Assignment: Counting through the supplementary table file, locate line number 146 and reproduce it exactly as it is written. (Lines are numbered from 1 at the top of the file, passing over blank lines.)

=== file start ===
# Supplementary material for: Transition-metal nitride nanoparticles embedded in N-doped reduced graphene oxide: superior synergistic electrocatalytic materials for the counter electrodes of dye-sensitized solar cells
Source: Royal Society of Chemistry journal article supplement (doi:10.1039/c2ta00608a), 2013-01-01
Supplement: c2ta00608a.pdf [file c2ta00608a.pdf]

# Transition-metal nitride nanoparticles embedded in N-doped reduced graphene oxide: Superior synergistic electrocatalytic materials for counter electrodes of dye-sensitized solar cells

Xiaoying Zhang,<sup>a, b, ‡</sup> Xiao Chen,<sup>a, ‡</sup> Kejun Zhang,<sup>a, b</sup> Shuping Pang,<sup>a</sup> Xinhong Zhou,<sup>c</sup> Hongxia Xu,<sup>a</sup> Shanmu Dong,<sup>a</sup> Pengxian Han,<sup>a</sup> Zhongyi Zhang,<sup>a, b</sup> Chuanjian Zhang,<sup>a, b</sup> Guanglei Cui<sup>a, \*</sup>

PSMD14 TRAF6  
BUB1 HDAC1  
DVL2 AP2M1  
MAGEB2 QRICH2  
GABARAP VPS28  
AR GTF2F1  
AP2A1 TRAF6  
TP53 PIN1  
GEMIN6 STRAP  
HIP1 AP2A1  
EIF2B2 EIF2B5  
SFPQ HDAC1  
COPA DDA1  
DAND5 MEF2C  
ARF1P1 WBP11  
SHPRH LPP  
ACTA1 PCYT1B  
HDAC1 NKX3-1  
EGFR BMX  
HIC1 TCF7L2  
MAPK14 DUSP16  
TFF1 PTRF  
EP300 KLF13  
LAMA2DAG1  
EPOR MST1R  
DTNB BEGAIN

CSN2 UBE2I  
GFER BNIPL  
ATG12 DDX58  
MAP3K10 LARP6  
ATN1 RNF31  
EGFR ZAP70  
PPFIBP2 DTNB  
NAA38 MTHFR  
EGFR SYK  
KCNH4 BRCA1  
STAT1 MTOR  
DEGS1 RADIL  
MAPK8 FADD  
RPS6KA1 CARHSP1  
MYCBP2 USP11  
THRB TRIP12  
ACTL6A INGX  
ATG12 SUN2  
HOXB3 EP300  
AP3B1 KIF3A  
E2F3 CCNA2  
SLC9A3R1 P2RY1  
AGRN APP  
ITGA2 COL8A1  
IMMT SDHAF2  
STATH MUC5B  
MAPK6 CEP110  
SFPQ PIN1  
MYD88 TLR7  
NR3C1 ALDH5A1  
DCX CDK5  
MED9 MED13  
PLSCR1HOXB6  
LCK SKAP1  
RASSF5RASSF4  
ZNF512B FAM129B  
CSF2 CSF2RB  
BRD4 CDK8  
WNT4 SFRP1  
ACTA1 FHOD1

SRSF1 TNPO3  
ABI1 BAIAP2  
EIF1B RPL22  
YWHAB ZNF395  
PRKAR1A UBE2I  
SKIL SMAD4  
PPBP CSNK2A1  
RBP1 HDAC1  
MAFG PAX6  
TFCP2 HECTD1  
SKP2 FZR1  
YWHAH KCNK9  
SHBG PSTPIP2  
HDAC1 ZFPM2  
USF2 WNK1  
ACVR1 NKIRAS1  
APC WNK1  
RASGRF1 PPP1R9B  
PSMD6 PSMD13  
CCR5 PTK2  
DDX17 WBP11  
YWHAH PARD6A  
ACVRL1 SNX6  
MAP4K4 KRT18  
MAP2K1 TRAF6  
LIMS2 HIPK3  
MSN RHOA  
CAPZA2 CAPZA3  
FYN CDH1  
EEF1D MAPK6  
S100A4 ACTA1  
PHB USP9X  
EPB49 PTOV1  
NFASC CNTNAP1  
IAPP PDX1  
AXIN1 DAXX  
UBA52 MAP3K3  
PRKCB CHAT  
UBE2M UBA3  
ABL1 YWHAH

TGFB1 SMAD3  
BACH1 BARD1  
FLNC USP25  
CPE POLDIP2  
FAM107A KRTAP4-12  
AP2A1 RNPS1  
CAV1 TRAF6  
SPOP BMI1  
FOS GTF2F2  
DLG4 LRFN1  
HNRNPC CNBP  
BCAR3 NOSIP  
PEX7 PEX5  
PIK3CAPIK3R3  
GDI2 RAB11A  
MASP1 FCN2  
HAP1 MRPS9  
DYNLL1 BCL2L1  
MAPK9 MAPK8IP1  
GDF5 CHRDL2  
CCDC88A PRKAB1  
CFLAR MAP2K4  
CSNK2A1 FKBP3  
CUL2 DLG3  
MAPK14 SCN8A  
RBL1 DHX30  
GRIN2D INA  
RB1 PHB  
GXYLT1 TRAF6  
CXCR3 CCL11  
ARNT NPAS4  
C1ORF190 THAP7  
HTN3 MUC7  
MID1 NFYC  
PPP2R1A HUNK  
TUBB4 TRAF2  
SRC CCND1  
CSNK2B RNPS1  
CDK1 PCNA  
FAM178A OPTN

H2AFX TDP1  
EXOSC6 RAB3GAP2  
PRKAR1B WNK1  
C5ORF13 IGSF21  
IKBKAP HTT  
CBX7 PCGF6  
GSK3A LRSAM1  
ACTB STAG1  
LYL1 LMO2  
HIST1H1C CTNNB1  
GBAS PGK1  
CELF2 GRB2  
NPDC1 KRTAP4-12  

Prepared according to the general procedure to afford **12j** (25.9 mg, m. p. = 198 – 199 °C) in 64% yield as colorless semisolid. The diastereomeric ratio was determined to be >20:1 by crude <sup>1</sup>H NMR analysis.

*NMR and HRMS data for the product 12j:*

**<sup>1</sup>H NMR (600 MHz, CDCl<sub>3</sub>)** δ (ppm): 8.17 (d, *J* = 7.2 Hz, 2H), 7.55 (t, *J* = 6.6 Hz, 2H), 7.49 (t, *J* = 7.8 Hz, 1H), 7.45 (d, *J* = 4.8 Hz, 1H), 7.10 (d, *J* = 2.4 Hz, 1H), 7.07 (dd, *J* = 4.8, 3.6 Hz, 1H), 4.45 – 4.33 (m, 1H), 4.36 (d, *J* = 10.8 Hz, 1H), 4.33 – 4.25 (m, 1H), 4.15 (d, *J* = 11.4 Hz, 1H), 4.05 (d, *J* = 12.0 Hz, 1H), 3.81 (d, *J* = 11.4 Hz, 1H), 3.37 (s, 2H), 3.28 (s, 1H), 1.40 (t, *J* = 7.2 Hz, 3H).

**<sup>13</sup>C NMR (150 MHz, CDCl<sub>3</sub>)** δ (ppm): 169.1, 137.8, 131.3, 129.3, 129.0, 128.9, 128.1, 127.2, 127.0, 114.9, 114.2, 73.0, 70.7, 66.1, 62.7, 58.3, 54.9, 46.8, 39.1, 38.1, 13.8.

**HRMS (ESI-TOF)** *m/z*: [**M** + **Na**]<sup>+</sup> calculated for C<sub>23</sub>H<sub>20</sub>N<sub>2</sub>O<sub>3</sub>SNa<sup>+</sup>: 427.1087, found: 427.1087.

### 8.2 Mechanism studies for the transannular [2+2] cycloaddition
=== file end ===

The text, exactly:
PPP2R1A HUNK  